A couple of dozen credit union veterans are banding together to boost the industry's image on Capitol Hill.

Troubled by some lawmakers' recent suggestions that the industry might be headed for a crisis, 25 executives plan to gather data proving the doomsayers wrong and take that message to policymakers.

"People have got to understand this is not in any way a troubled industry," said David Chatfield, chief executive of the California Credit Union League. He said he is the only non-credit union employee of the ad hoc group, which calls itself the National Alliance of Credit Unions.

Mr. Chatfield added that he is in the group as an individual, not as a representative of the league.

So far the group is still getting organized. But the costs of retaining financial experts, lobbyists, and public relations experts could run into hundreds of thousands of dollars, Mr. Chatfield said.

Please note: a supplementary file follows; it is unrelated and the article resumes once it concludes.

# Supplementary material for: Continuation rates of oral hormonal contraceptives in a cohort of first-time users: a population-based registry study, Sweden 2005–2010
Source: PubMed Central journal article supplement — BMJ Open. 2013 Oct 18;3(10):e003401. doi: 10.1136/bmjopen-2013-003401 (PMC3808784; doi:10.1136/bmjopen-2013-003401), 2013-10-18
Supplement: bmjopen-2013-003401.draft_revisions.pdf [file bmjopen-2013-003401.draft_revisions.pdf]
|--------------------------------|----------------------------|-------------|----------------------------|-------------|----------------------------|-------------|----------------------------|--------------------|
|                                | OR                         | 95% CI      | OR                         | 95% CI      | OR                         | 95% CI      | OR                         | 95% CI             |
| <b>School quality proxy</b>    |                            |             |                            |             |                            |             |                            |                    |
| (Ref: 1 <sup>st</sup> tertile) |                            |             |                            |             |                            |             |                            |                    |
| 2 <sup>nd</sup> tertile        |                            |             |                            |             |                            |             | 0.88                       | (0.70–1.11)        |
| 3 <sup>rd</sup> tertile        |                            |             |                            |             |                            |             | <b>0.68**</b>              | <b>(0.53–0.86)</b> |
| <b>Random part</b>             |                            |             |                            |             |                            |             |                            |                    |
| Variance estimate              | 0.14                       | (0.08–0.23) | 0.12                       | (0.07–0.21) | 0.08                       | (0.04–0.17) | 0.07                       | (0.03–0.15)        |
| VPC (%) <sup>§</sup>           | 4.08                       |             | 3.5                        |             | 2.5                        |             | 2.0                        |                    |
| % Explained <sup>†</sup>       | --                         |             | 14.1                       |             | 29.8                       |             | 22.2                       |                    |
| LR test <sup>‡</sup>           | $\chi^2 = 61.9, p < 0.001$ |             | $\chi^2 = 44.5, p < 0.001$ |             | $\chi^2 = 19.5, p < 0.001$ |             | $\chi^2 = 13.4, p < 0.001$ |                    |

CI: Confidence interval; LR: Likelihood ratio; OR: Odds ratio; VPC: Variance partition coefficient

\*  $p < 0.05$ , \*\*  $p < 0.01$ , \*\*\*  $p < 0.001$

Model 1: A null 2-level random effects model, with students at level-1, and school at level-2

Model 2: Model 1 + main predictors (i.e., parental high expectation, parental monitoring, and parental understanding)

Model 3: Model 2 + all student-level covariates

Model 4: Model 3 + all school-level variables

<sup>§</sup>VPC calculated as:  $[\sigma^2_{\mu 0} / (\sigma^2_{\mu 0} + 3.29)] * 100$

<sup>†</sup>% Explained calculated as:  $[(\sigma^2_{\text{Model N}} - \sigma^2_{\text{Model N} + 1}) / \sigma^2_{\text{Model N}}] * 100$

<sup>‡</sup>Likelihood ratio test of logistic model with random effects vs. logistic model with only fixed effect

The group already has retained a lobbyist, Brian Lunde, of the McLean, Va., government relations firm, Decision Management Inc. Mr. Lunde was executive director of the Democratic National Committee from 1985 to 1986.

Mr. Chatfield said the officials decided to form the alliance about a month ago in the wake of congressional hearings on the failure of Capital Corporate Federal Credit Union. Several lawmakers said the corporate's collapse - caused by a speculative investment policy - was reminiscent of the thrift crisis.

"Is this deja vu all over again?" Rep. Marge Roukema said at a hearing of the House Banking's subcommittee on financial institutions and consumer credit, which the New Jersey Republican chairs.

Moreover, some in the industry feel that NCUA Chairman Norman E. D'Amours has been encouraging this overreaction.

"There's a tendency by the NCUA to create a problem to solve a problem," said one source close to the group.

For example, the source said agency could have solved the Cap Corp situation with much less negative publicity. Further, NCUA's response to the debacle is a proposed regulation that goes too far in tightening corporate capital and investment requirements, he said.

The comment period on that proposal has been extended until Aug. 25.

"This guy (Mr. D'Amours) is playing political hardball," the source said.

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